Over one in 10 US burger products 'problematic' – report

May 12, 2016 6:23 am 

WASHINGTON, May 11 — Hamburgers are a classic American food, but a new report released Tuesday said over one in 10 burger products sold in the United States are "problematic," including a few with rat DNA.

Clear Labs, a private US food testing company, performed a genomic analysis of 258 anonymized samples of ground meat, frozen patties, fast-food burger products, and veggie-burger products from 79 brands and 22 retailers in the United States.

The results, which were not peer-reviewed, showed that 13.6 percent of the products had problems with unexpected or missing ingredients, hygienic issues or pathogenic contamination.

Vegetarian products especially did not fare well. Of the 89 vegetarian products they sampled, 23.6 percent showed some form of discrepancy between product and label.

That included two detections of meat in vegetarian products and one detection of no black beans in one black bean burger.

One of the biggest concerns is that 4.3 percent of the samples, or 11 of the 258 products, contained DNA of pathogens such as Yersinia pseudotuberculosis, which can cause tuberculosis-like symptoms, and Aeromonas hydrophila, which can cause gastroenteritis.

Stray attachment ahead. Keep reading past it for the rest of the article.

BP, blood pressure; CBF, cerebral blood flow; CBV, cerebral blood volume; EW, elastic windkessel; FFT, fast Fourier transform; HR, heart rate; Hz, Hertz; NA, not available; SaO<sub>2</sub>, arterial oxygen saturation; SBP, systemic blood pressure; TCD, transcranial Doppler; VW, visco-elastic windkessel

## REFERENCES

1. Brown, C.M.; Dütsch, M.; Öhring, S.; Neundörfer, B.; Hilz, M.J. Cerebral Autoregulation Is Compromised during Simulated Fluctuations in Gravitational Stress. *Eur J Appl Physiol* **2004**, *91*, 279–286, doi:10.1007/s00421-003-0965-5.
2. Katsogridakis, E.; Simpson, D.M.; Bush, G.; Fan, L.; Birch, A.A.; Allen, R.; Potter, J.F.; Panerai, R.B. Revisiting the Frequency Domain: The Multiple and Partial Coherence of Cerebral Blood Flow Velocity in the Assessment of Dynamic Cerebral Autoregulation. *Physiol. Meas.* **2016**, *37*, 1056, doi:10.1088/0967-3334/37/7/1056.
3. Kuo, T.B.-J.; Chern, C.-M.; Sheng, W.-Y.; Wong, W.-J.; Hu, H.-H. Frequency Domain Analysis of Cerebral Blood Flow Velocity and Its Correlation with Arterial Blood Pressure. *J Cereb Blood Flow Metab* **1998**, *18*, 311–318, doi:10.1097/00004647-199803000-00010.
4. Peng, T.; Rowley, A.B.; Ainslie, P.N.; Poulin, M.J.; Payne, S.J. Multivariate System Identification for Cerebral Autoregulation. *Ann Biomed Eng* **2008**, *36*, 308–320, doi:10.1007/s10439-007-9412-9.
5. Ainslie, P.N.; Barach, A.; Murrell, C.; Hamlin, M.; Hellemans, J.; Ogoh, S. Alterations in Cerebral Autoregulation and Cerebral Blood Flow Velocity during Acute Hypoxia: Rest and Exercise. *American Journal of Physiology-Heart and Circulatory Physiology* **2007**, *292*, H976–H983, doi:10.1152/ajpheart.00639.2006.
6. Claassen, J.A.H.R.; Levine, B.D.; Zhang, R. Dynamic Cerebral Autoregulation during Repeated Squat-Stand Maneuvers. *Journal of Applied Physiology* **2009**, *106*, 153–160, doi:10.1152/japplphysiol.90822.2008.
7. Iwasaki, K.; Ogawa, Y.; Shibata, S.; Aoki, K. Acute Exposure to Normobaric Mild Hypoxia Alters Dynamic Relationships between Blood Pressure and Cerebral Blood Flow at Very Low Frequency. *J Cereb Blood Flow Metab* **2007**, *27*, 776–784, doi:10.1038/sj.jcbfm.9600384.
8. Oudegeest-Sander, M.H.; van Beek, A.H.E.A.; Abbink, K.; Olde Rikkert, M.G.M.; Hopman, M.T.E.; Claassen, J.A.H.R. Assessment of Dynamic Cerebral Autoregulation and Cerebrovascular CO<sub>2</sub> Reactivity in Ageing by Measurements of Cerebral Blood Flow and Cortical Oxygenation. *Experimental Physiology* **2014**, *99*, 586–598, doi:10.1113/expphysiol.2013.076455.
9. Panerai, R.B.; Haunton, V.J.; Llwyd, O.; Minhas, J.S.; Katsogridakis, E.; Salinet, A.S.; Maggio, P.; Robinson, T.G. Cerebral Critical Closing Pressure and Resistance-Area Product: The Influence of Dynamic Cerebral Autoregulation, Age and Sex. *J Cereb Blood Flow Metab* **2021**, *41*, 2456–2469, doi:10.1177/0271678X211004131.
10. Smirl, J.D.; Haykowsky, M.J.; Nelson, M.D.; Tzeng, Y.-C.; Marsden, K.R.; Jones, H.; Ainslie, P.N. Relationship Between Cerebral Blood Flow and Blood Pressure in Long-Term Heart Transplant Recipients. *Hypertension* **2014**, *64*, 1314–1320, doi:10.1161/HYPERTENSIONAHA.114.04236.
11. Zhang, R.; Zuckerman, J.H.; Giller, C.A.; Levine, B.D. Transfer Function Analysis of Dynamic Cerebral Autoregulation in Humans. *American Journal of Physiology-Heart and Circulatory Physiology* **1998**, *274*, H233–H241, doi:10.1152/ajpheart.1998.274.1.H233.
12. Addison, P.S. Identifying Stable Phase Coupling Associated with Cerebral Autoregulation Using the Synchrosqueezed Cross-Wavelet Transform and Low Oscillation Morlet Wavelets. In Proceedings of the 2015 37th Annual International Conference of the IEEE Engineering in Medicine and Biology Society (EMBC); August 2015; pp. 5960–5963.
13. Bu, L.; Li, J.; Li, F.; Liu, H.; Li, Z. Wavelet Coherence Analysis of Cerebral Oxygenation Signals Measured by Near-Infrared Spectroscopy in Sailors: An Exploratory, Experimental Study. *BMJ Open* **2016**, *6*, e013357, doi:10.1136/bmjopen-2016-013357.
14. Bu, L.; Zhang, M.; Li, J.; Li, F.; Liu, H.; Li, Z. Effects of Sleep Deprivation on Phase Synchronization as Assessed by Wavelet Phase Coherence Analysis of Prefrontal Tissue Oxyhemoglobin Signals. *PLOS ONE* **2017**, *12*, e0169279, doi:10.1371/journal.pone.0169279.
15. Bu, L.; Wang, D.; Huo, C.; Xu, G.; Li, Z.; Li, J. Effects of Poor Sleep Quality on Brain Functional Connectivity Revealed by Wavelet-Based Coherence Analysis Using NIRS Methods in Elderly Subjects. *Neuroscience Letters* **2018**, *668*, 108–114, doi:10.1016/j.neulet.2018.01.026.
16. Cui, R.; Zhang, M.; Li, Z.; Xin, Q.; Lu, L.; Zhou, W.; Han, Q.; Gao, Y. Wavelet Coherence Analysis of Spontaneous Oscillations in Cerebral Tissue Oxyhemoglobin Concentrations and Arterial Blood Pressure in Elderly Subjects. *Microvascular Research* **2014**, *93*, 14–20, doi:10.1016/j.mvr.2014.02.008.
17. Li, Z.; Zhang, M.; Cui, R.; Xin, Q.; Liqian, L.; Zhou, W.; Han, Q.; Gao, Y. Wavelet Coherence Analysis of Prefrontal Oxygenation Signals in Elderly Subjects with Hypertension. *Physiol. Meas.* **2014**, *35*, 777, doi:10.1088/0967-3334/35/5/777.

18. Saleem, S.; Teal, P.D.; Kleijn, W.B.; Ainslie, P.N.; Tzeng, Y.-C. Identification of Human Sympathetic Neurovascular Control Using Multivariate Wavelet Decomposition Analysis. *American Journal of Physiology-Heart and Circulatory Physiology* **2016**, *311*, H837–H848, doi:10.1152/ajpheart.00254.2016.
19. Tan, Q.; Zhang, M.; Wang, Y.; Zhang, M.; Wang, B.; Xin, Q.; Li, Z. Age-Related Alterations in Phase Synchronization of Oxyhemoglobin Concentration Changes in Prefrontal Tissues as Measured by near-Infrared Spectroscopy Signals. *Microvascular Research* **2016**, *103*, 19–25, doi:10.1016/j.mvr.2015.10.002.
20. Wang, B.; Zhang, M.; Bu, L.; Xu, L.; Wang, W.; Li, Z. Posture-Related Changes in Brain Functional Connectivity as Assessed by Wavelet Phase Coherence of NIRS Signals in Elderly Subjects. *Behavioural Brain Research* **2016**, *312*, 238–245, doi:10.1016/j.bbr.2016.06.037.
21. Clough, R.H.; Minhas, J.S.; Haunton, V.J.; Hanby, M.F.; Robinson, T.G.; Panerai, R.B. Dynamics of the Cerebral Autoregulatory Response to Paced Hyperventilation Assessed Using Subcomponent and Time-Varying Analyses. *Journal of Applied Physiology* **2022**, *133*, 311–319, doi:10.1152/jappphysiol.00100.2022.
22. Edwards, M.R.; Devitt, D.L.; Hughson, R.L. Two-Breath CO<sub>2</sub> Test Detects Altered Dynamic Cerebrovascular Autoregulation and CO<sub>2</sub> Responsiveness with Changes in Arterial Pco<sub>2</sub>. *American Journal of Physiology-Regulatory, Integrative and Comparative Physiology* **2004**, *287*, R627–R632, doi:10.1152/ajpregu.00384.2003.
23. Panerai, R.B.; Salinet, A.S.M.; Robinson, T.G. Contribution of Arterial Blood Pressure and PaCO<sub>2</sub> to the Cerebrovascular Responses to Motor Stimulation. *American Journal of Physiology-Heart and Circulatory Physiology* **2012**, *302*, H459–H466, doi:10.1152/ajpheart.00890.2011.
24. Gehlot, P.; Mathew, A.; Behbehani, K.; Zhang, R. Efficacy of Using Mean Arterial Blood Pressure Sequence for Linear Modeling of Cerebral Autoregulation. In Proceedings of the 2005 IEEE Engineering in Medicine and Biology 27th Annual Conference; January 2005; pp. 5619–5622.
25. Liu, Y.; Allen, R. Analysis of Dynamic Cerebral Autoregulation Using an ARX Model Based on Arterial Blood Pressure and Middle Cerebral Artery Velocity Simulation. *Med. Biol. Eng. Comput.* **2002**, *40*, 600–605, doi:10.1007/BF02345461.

Michael Doyle, professor of food microbiology of the University of Georgia, however, said that the weakness of the genomic analysis is that it cannot differentiate between live and dead cells and that finding the DNA of Salmonella or E.coli from a dead cell is not very helpful.

In addition, the pathogens found in the new research are not of common concern in foods or unable to cause illness unless they are present at high enough levels, said Doyle.

"I think their results may be a bit misleading in that sense," he said.

The analysis also detected human DNA in one sample of frozen vegetarian burger and rat DNA in three samples, including one fast food burger, one vegetarian burger, and one ground meat sample.

"While unpleasant, it's important to note that it is unlikely that human DNA or rat DNA is harmful to consumer health," the report said.

"What many consumers don't know is that some amounts of human and rat DNA may fall within an acceptable regulatory range. The amounts we detected in our research most likely fell within the acceptable regulatory range as we understand them."

Doyle expressed similar views. "It's not surprising to find some rat or human DNA in foods," he said. "It sounds gross, but you have to have to put that in perspective. It's more of an aesthetic concern than one relevant to human health." (PNA/Xinhua)



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